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Bridal Club Magazine

Roots of Common Wedding Superstitions and Traditions

Origins of the Word 'Wedding' 

The word 'wedding' actually comes from the Gothic word wadi, meaning 'to pledge'. In Old English, the ceremony was either called a weddung (state of being wed), or a bridelope (bridal run), in reference to the practice of escorting the bride to her new home.

The Roots of 'Tying the Knot'

Nobody knows exactly where the phrase 'to tie the knot' comes from. The are several major theories: that a) it dates back to Ancient Roman culture, where the bride's mother would tie up her daughters undergarments in a very difficult knot, which was to provide a challenge to the groom on the wedding night; b) it dates back to Ancient Greece, where either the priest or bride's patriarch would tie the garments of the couple together to symbolise marriage; c) nets of knotted string were used to support mattresses prior to the invention of bedsprings- so in order to make the marriage bed, one needed to tie the knot(s); d)an old English custom where the bride and groom's hands would be tied together, and not allowed to be untied until they had consumated the marriage; or e) illiterate sailors and soldiers would send a piece of rope to their sweethearts as a marriage proposal- if they sent the rope back with a knot, it meant that they'd agreed.

Wearing White

Contrary to popular belief, wearing white does not symbolise virginity or purity in general. It was a trend begun by Queen Victoria when she married Prince Albert in 1840. Up until that date, brides eiither wore a particularly beautiful or lavish dress of any colour, or any more functional colour like black or brown, to be reused again. This trend was slowly picked up by the public, and used as a form of conspicuous consumption- wearing a white dress indicated wealth as it would be irreperably spoilt by any work or spillage (implying that your family had money to spend on non-functional, beautiful pieces).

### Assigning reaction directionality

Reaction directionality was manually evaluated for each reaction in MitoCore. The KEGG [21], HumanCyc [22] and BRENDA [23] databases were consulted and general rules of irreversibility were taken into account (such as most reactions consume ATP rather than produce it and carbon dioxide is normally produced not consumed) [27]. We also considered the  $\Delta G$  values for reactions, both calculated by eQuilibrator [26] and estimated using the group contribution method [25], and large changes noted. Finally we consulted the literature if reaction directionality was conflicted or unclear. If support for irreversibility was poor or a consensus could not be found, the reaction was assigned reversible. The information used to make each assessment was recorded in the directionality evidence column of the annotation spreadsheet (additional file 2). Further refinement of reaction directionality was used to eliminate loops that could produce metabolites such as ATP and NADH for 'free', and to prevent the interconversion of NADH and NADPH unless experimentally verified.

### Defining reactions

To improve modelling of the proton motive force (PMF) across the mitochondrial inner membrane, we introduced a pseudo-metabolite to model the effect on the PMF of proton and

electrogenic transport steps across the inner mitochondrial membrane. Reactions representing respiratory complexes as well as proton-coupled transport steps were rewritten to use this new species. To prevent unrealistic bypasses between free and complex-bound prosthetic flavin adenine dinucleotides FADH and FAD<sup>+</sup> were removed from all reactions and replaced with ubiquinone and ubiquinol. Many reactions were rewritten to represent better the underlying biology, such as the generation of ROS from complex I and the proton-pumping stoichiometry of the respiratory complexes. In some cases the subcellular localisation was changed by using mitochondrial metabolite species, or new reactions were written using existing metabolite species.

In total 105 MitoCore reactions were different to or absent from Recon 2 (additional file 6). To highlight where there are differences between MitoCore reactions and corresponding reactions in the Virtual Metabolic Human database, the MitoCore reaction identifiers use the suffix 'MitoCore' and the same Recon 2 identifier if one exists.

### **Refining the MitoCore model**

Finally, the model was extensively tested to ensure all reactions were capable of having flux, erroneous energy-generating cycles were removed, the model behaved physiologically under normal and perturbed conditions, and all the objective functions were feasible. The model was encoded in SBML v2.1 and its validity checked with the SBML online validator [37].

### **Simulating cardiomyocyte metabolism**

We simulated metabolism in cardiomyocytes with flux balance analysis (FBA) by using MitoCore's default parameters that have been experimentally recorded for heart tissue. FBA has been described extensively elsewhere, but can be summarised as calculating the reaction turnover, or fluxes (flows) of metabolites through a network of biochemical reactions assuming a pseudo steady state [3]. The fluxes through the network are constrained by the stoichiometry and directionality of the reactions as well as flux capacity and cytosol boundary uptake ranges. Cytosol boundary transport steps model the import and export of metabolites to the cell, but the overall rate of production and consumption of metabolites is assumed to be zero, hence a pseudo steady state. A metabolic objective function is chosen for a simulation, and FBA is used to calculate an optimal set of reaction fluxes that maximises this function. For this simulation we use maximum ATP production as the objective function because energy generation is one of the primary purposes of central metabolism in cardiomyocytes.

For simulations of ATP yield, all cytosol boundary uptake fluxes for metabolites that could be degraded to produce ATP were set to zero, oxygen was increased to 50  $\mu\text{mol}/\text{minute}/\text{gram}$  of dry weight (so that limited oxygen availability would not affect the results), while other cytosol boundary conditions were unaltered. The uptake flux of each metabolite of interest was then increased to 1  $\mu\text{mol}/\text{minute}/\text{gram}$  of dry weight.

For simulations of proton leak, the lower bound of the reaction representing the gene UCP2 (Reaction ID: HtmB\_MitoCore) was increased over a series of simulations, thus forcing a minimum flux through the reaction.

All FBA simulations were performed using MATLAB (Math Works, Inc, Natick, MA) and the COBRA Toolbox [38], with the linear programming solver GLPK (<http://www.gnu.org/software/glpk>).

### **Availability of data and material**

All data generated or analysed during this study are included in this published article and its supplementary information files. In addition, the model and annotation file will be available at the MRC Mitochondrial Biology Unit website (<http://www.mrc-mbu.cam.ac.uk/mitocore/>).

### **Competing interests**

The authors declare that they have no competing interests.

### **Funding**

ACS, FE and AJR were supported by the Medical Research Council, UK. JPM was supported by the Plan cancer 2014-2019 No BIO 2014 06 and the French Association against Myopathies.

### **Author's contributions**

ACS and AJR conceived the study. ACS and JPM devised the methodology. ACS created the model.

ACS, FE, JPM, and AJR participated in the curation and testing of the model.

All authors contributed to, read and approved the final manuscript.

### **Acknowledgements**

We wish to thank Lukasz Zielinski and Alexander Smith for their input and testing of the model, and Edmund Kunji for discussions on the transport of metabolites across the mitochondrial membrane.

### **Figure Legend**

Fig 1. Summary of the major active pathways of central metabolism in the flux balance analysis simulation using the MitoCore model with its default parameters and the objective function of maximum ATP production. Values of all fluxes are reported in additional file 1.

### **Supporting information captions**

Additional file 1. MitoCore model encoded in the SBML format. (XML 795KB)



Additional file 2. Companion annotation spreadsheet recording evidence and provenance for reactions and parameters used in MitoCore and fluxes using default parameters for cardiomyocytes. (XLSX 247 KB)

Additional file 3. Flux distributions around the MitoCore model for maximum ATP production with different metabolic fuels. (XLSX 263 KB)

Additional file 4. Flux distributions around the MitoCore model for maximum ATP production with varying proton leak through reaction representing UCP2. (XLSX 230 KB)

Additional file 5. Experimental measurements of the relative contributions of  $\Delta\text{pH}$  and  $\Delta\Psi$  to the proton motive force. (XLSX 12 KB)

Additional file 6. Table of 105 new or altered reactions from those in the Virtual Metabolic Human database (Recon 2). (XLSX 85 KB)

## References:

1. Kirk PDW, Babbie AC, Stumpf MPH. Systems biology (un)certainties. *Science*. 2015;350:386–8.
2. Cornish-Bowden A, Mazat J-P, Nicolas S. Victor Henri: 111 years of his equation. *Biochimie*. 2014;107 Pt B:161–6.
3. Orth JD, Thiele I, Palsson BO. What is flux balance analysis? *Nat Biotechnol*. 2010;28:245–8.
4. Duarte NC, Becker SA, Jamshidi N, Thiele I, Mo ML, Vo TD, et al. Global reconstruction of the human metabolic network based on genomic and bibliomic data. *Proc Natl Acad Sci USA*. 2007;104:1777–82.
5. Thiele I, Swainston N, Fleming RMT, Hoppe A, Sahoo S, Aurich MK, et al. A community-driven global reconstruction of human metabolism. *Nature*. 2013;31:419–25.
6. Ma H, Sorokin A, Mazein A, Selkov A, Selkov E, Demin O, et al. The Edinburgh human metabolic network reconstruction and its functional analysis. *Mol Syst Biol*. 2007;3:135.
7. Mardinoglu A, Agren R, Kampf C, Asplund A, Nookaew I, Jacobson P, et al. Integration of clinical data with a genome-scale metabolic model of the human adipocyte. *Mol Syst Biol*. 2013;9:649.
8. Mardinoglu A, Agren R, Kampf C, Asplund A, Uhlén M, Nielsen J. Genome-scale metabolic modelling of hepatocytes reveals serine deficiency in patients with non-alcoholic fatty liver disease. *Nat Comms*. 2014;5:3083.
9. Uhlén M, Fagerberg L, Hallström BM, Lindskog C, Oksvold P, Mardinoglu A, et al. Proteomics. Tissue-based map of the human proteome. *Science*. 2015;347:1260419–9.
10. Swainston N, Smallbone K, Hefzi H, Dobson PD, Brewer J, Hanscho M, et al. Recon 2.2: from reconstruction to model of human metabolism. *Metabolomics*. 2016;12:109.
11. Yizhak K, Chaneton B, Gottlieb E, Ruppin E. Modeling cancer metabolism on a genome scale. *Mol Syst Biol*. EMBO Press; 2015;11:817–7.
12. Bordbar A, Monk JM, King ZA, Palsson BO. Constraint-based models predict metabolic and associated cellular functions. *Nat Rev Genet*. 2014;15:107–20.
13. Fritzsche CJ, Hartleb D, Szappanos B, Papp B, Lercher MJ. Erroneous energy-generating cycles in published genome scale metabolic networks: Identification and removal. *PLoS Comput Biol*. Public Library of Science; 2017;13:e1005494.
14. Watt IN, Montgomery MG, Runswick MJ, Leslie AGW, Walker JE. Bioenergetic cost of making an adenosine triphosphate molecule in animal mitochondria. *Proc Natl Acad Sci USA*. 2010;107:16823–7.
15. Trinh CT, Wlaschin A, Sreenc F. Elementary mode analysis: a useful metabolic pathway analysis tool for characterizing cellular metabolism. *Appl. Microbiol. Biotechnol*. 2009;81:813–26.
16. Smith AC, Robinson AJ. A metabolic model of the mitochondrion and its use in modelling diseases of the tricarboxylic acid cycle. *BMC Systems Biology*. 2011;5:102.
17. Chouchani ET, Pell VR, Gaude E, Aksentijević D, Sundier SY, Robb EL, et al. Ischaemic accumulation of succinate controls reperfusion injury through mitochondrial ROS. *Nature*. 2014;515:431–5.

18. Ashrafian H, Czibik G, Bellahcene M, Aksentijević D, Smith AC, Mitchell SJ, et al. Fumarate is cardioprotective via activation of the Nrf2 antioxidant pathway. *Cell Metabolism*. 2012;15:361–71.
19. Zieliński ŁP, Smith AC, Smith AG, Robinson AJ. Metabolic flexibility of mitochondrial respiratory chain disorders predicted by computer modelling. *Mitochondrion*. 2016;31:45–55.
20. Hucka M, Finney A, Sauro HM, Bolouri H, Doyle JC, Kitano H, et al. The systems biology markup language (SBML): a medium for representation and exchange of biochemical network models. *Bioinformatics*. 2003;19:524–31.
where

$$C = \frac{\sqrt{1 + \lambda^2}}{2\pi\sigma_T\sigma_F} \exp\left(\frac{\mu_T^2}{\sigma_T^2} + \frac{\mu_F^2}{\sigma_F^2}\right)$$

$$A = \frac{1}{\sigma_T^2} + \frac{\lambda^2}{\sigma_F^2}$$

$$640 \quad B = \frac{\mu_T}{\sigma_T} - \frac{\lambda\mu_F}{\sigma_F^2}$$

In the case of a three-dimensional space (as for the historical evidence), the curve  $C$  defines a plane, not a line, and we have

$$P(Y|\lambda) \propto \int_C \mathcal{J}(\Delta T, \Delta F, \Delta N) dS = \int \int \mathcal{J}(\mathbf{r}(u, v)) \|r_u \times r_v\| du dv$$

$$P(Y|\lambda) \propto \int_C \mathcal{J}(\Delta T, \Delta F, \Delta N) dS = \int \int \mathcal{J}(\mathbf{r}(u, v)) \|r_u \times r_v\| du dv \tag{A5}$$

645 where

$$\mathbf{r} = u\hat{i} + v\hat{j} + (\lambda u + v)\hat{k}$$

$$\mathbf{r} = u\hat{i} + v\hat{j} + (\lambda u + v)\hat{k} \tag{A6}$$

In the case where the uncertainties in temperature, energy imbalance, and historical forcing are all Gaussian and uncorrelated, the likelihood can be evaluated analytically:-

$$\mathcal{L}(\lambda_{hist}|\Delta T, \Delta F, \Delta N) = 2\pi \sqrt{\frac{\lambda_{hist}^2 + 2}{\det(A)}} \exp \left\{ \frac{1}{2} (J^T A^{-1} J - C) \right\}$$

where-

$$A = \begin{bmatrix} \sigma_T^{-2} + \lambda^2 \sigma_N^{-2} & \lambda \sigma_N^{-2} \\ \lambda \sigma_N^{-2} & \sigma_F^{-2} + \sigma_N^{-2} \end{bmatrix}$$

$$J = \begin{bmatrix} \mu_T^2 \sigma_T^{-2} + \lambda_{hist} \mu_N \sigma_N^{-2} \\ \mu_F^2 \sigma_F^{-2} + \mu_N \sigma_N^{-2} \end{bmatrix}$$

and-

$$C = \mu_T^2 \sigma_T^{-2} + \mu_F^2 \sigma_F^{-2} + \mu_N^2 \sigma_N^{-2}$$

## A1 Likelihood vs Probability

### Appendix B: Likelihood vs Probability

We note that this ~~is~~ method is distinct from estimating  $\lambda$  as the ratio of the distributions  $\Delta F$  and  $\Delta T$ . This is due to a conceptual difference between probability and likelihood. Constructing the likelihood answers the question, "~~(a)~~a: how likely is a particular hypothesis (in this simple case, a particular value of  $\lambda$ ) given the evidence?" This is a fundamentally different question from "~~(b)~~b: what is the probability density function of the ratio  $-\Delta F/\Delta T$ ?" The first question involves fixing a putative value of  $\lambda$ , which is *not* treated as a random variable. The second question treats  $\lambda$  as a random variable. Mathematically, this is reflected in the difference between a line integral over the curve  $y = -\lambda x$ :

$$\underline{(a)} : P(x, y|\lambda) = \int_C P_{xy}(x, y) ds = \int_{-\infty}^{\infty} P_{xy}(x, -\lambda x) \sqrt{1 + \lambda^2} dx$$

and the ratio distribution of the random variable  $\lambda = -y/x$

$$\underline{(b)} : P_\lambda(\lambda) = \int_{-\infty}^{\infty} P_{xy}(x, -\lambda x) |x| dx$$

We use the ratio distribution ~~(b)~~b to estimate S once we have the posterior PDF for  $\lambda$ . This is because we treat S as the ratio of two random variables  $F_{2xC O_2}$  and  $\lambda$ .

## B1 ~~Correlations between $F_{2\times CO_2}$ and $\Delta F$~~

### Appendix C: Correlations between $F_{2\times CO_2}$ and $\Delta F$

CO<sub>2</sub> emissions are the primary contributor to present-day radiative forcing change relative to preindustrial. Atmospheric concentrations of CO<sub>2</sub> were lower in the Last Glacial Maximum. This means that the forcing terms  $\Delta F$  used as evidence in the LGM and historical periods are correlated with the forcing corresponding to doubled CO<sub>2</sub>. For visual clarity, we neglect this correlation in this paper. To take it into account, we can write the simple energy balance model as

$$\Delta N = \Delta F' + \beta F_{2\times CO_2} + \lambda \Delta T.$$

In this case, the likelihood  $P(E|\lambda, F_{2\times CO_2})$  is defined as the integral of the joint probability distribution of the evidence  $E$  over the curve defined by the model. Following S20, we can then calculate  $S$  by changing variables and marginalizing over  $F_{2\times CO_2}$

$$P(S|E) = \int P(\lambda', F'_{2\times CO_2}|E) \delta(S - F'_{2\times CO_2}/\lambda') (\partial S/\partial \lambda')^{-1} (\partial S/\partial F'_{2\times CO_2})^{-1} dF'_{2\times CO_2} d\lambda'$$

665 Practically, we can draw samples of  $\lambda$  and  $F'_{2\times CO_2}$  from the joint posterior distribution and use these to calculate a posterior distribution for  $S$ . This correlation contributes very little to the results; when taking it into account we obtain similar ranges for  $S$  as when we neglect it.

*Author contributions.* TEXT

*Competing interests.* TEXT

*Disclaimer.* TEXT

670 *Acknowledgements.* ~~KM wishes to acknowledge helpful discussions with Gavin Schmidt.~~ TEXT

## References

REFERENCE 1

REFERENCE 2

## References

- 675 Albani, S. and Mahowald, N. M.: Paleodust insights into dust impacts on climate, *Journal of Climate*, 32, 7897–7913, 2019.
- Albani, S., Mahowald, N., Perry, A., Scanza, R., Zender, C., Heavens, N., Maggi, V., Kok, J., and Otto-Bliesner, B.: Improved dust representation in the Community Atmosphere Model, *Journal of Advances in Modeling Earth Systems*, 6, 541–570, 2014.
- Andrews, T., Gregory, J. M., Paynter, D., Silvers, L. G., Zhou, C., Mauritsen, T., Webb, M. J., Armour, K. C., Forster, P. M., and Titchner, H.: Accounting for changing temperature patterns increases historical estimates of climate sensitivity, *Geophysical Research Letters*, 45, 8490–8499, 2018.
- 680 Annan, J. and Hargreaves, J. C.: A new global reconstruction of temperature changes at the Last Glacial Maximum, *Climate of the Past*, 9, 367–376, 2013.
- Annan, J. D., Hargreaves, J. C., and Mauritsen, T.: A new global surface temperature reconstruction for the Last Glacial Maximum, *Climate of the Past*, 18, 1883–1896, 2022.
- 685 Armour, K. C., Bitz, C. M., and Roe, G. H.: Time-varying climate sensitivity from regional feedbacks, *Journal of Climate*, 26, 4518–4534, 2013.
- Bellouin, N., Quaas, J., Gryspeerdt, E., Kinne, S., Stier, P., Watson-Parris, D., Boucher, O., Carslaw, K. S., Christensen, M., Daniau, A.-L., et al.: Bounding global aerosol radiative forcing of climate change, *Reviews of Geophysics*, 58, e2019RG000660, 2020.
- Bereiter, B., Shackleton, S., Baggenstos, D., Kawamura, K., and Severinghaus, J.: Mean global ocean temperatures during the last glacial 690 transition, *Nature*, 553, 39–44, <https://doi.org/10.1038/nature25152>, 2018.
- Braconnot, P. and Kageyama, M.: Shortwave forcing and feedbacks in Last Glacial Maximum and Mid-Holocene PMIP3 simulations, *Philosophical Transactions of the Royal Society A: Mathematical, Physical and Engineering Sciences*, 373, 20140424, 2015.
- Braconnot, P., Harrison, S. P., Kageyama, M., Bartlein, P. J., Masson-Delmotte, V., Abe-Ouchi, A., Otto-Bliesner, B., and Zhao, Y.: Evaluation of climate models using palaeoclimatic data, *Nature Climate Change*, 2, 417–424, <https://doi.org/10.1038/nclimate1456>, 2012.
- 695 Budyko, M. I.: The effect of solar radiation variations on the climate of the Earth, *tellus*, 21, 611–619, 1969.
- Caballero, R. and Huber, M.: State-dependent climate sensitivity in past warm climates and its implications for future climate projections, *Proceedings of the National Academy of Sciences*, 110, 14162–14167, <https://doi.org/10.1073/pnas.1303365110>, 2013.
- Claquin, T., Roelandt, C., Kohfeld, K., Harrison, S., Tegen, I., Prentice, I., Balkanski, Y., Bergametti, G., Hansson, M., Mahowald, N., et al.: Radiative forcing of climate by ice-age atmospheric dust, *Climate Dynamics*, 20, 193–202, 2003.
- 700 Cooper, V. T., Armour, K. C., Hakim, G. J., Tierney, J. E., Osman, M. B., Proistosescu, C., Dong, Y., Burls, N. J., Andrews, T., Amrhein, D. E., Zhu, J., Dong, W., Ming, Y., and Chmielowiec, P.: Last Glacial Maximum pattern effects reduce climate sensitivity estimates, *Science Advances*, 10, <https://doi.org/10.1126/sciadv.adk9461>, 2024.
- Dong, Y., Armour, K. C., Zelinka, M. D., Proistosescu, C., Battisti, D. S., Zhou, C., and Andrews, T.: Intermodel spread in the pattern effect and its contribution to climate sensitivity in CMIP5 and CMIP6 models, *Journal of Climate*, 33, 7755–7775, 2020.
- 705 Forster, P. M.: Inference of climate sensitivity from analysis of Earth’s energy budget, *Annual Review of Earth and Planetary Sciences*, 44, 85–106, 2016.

The Engagement Ring

The engagement ring was first used in Ancient Egypt, where the circle was used to symbolise the cyclical and never ending nature of all things in existence, and the space in it as a spiritual gateway. Betrothal rings were similarly used in Ancient Greece and Rome, but did not reach widespread popularity throught Europe until the thirteenth century. They are worn on the fourth finger as the Ancient Greeks believed that was where a vein leading directly to the heart existed.

The Veil

This stems from an Ancient Roman tradition, where veils were believed to protect brides from evil spirits who would attempt to attack her purity.  During the 1800's in Britain however, the veil came to symbolize modesty and chastity. Many religions additionally use head coverings to symbolise modesty and humity before God during a religious service.

Something Old, New, Borrowed and Blue